When solutions of (LiMo3 Se3)n inorganic polymers are dissolved in vinylene carbonate, for instance, at a concentration of about 10-3 M and less, single metallopolymer "wires" about 6 Å in diameter were detectable, while at concentrations of about 10-2 M or higher an ordered nematic liquid crystaline phase formed. 10-1 M is believed to be the solubility limit of (LiMo3 Se3)n in polar solvents such as N-methylformamide, propylene carbonate, DMSO, and vinylene carbonate. The viscosity of the solvent affects the duration of the mixing of the solution, so mixing should continue until the dissolved inorganic portions are homogeneously dispersed in the polymerizable organic solvent.
The polymerizable organic solvent may also be capable of mixing with an additional polymerizable organic solvent, and forming a co-polymer with the additional solvent. For example, a mixture of N-vinyl pyrrolidone and vinylene carbonate that dissolves (LiMo3 Se3)n can copolymerize. Alternatively, the metallopolymer may be insoluble in the additional polymerizable organic solvent, added in an amount that prevents reaching the respective solubility limit of the metallopolymer. The choice of secondary monomer, if any, will be dictated by considerations such as the desired physical properties of the final solid product, e.g. toughness, elasticity, resistance to U.V. radiation (sunlight), solvent resistance, weathering, and the like.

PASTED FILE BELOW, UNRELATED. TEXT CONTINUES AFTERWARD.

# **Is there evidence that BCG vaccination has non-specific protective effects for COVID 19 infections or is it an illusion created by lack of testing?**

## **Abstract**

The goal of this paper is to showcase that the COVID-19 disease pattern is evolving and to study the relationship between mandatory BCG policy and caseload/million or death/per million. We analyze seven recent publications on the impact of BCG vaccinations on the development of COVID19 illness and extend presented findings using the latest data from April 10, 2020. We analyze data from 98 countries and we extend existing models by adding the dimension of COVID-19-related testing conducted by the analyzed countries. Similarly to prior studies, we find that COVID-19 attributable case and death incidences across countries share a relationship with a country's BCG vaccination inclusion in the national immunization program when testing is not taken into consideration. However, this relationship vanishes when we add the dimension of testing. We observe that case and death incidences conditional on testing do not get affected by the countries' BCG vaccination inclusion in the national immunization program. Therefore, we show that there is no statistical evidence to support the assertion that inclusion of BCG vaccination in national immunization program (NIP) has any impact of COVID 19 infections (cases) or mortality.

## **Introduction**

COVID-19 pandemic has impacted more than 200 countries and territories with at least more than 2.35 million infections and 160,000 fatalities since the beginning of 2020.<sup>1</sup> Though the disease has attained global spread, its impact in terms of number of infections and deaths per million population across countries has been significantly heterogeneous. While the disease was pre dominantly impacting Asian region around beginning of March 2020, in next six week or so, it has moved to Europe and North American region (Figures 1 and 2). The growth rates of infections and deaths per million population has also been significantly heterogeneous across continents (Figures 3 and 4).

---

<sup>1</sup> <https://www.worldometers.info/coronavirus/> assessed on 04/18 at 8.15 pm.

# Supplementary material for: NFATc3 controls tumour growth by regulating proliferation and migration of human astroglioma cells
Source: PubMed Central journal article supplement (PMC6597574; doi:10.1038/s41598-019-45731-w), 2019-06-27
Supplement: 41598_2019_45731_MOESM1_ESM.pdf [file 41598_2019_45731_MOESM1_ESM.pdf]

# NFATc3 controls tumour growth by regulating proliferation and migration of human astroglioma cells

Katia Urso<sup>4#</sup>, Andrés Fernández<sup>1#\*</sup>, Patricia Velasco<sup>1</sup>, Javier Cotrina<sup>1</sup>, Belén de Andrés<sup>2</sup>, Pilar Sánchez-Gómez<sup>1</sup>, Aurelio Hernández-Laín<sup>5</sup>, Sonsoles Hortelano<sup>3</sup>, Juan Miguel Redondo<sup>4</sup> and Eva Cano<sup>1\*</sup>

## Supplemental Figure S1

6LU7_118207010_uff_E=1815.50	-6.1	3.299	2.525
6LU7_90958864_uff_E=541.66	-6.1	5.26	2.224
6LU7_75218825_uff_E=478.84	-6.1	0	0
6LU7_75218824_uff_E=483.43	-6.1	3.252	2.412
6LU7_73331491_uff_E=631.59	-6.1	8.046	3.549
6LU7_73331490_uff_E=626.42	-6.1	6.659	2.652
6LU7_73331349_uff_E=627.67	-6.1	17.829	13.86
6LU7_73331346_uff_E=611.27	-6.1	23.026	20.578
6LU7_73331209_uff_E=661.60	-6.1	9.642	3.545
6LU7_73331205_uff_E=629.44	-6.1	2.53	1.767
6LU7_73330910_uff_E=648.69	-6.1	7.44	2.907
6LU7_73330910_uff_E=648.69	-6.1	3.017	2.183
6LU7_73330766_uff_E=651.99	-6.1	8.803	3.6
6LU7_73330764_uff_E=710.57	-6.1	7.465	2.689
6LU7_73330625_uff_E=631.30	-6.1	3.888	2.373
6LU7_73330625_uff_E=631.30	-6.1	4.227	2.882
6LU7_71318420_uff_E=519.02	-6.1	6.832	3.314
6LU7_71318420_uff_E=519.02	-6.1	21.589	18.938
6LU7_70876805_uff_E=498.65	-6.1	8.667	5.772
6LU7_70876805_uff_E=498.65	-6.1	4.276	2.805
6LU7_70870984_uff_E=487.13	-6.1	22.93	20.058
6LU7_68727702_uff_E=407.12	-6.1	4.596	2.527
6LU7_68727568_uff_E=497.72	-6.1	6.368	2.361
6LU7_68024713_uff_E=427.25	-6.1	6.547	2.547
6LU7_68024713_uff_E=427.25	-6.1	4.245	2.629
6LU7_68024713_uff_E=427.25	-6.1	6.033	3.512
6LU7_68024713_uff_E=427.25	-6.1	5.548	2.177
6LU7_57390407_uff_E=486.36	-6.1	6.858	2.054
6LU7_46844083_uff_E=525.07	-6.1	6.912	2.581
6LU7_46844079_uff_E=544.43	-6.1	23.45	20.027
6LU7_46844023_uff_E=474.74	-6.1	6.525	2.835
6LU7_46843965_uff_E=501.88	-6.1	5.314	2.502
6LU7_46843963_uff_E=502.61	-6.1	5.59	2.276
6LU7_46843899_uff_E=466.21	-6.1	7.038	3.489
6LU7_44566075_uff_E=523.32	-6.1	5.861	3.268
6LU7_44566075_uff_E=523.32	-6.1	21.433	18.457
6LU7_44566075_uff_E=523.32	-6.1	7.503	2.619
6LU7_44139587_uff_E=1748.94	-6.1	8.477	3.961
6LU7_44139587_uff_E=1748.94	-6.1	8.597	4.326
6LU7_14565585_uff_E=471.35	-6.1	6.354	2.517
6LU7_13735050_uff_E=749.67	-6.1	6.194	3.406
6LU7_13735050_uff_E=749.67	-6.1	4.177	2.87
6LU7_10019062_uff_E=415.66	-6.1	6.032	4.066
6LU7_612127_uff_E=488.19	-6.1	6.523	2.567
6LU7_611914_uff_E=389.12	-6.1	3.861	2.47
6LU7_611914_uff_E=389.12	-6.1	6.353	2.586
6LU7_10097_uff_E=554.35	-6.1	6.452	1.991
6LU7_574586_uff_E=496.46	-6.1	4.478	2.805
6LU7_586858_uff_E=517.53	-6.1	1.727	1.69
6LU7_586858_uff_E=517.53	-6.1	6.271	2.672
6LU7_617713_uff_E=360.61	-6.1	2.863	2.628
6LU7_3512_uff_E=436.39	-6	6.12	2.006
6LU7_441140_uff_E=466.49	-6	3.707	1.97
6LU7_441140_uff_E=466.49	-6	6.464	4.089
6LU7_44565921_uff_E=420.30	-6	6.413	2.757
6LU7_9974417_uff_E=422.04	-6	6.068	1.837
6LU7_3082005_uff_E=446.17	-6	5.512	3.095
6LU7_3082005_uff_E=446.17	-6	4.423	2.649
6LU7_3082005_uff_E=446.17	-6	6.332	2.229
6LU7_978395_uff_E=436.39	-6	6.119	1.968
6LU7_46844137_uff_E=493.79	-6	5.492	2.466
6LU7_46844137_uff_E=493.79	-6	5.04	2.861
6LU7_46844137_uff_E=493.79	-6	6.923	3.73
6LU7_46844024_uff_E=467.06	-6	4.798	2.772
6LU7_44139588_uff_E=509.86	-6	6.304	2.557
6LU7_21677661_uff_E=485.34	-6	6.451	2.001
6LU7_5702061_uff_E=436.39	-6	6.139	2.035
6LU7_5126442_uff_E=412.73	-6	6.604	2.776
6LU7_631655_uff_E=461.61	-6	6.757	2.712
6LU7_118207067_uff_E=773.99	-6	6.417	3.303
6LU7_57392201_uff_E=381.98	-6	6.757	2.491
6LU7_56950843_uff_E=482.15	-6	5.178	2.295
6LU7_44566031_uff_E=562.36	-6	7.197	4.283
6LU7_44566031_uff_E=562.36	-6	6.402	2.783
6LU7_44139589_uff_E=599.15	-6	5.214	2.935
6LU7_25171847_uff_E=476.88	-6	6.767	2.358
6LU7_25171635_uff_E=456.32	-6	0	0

Polymerization of the polymerizable organic solvent in a homogeneously mixed solution is generally accomplished by the addition of a free radical generator to the solution and the application of heat or ultraviolet light (UV) to decompose the generator into its radical components. A free radical generator such as 2,2'-azobis(isobutyronitrile) (AIBN) or a peroxide such as benzoyl peroxide are typically decomposed thermally while the free radical generator Irgacure-651 (Ciba-Geigy) is decomposed by UV radiation in the range of about 200-380 nm. Since free radical polymerization is well known, further details of alternative generators and operating conditions may be readily found in the literature and thus are not provided here. Depending upon the stability of a system to polymerization, the free radical generator may be added to the polymerizable organic solvent either before or after formation of the polymerizable organic solvent-metallopolymer solution.